“You say tomAto and I say tomAHto, you say sociopath, but they say psychopath…”
Ever since I first read Thomas Harris’s brilliant Red Dragon and The Silence of the Lambs and then followed it up a week later with Brett Easton Ellis’s equally memorable, although for entirely different reasons, American Psycho, I’ve been left wondering, What exactly does qualify someone as a psychopath?
In the old days, it was easy. Hitchcock’s check list in the seminal Psycho seemed to be pretty straightforward. You needed to be a:
a) creepy guy
b) with creepy hobbies, like spying on girls and then trying to turn those girls into sushi
c) all because you had a creepy Mom who treated you badly (but who comes good in the end, by turning out to be a really great person to live with, once she’s dead).
A simple enough formula then. Bad childhoods equalled bad, mad adults.
Red Dragon and The Silence of the Lambs made matters a little more complex, however. No surprise there. Thomas Harris was a crime reporter and, like any decent reporter, he did his research and tried to make what he wrote feel real. One of his most memorable characters, Special Agent Jack Crawford, was inspired by John Douglas, who helped set up the FBI’s Elite Serial Crime Unit.
I’ve read and re-read Douglas’s biography, Mindhunter, over the years, part as a horror story to frighten the heck out of myself, and part as research – because I’ve written a couple of serial killer characters myself. Douglas has his own list of what turns someone into a murderer and what turns a murderer into a serial killer. He’s interviewed a whole bunch of serial killers and the commonalities – a lack of empathy, early behavioural problems, and superficial charm – are terrifying and striking in equal measure.
A great book and one well worth reading if you haven’t already.
Anyway, having digested it about as thoroughly as Hannibal Lecter might a supper of liver, fava beans and chianti, I felt I knew all I needed to about why someone might become a psychopath and how a the police might spot one and stop one, or even capture one alive.
And that is how I thought of psychopaths for several years. As murderers. As serial killers. Because that’s what psychopaths were, right?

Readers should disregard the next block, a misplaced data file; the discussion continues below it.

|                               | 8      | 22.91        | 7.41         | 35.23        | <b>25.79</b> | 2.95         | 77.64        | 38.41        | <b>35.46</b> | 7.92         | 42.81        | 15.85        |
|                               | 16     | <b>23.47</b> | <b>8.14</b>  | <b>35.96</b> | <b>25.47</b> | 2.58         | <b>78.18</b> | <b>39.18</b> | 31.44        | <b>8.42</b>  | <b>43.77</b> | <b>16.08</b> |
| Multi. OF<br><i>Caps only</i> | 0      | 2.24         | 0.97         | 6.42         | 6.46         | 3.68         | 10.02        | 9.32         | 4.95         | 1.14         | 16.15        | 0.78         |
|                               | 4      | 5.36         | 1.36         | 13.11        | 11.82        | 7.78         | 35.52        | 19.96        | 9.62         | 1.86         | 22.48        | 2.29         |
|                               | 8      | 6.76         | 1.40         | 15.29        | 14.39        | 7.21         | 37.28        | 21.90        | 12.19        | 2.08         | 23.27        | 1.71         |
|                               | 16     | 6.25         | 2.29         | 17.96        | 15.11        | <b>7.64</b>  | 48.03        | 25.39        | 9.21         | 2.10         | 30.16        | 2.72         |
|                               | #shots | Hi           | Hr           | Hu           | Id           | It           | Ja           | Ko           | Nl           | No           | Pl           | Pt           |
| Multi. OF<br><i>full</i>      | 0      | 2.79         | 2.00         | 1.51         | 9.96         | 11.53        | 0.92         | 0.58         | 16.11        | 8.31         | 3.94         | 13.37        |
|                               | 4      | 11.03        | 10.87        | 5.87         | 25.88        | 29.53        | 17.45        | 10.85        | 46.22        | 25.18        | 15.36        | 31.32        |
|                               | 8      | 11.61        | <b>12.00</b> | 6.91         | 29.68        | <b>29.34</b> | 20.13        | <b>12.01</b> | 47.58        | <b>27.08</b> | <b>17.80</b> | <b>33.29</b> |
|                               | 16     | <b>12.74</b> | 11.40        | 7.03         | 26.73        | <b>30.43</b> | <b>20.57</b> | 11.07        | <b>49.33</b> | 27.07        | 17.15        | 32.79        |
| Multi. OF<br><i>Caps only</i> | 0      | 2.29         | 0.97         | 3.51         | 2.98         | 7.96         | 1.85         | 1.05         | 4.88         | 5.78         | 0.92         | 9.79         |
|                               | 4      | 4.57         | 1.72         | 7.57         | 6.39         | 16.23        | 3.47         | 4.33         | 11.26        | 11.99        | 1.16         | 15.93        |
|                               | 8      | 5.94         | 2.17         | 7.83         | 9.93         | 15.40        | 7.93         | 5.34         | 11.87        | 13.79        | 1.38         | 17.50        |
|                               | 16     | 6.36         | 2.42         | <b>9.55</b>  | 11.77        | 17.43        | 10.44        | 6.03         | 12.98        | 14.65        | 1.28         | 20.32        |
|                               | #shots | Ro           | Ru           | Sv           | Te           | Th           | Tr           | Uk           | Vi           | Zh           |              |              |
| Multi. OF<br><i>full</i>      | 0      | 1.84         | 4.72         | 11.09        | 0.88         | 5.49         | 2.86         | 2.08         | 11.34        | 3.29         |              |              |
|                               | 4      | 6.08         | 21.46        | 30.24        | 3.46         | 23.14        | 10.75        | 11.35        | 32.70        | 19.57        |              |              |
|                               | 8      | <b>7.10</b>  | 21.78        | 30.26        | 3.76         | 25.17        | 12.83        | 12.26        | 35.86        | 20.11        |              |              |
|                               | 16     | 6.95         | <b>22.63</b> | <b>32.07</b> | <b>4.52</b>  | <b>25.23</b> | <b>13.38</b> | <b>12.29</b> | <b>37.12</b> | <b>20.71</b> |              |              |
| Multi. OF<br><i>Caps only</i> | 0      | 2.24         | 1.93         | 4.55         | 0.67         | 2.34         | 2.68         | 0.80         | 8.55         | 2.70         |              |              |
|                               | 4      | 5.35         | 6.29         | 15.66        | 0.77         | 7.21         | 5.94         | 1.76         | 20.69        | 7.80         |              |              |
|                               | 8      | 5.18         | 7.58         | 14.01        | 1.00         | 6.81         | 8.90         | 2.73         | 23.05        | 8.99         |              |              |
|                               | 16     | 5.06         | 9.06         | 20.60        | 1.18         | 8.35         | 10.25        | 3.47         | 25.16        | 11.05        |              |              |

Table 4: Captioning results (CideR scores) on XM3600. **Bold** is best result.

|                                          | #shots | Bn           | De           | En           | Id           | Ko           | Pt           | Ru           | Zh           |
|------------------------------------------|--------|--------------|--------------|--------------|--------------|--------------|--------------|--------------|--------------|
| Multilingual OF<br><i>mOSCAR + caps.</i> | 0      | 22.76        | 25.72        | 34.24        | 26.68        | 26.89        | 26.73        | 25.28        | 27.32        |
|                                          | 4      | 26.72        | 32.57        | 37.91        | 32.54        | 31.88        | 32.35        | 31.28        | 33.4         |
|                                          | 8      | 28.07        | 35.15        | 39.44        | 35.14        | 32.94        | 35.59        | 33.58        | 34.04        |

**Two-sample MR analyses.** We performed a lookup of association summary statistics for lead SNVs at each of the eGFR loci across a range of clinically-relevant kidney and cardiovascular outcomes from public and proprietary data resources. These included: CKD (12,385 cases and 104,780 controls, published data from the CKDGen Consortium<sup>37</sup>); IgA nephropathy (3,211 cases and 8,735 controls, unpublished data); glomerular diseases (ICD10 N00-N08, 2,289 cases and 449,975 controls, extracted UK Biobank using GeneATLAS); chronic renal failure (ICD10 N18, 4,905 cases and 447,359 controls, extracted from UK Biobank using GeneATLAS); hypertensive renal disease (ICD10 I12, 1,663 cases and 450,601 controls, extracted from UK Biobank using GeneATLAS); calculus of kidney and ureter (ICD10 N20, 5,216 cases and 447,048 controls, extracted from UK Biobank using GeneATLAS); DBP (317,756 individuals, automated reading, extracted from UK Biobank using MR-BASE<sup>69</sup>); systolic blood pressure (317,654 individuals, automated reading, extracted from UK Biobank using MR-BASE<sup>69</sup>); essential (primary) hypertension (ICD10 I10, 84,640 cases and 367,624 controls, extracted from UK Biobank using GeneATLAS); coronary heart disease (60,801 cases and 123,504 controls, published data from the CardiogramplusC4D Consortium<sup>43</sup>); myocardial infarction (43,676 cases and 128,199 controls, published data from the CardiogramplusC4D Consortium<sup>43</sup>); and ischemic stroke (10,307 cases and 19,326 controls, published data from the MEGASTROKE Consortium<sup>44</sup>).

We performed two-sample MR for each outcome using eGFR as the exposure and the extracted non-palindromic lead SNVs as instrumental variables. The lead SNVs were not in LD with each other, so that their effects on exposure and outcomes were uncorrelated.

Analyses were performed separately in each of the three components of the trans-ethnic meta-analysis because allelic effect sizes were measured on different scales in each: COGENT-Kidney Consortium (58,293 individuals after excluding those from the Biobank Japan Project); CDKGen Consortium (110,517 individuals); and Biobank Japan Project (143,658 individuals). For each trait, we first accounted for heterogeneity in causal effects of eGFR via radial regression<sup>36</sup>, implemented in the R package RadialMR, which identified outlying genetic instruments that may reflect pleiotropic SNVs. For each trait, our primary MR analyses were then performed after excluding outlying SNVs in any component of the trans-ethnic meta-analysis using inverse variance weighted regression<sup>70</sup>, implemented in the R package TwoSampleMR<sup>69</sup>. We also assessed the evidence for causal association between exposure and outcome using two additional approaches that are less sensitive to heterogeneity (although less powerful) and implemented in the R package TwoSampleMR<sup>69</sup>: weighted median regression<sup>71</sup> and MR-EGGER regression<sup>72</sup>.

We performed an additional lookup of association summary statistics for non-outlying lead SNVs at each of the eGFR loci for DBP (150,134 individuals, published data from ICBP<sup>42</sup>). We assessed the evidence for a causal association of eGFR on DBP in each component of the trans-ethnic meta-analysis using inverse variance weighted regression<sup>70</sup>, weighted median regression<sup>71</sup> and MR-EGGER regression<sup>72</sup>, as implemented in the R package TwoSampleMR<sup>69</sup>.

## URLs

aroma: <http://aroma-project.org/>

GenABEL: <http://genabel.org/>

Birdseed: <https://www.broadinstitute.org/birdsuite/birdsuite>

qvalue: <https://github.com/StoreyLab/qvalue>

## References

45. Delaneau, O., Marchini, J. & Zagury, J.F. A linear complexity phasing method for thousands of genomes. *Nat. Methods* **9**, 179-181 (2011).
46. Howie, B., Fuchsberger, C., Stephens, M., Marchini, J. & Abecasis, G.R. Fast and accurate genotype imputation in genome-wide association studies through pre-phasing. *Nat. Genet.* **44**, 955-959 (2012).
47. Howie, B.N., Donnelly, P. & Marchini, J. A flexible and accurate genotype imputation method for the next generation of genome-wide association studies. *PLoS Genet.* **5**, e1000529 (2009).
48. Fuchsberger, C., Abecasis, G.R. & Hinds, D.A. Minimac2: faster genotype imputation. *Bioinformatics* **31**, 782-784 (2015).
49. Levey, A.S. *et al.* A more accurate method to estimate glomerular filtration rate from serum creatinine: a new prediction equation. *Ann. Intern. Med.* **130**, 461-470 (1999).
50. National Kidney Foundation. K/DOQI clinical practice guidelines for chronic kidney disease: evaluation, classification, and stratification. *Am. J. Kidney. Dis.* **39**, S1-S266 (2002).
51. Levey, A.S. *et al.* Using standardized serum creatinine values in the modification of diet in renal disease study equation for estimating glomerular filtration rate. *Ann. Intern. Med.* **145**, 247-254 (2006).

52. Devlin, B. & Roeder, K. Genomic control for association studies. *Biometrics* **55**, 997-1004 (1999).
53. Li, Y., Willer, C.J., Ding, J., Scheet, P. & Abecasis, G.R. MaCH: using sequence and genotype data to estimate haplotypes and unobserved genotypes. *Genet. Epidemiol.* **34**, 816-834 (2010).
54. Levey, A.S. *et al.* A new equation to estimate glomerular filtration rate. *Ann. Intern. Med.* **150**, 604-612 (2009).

Wrong. Because then comes along Jonny Come Lately, or Jon Ronson, anyway. He’s the guy who wrote The Men Who Stare at Goats (made into that Clooney movie). His latest book is called The Psychopath Test: A Journey into the Madness Industry, and it presents a whole different take on the psychopath / sociopath debate.
Shrinks believe that psychopaths are more of an us problem, than a them. By which I mean they think there are a lot of them. In fact, according to the folk Ronson spoke to, they reckon a whole one percent of the general population are psychopaths. Even more perturbing, they’re not at all easy to spot. Partly because most of them are not out there slicing and dicing people in motels or living with their dead Mom’s. But mainly because most of them wear a ‘Mask of Sanity’, meaning they’ve learned to fit in and hide their core lack of empathy for other human beings.
Kind of a scary thought, particularly when you consider the fact that a lot of these ‘others’ regard the rest of their species as no more deserving of sympathy then ants. But what’s even scarier is when you start to wonder whether you know any yourself. And scariest of all is when you start to wonder if you’re one too (although the good news on this is that if you do have the insecurity and self-doubt to wonder, then you’re almost certainly not).
A shrink called Bob Hare came up with a 20 point checklist to determine whether or not someone can be classified as a psychopath. In many countries around the world, including the UK and the US, a citizen who’s committed no crime at all can be locked up in a mental hospital indefinitely if they score too highly in this test - in other words if they’re deemed to be a psychopath and therefore potential danger to society.
Go take a look. It certainly makes for interesting reading. I came up with at least three people I know who fitted the mould. (But I’m not saying if one of them was me.)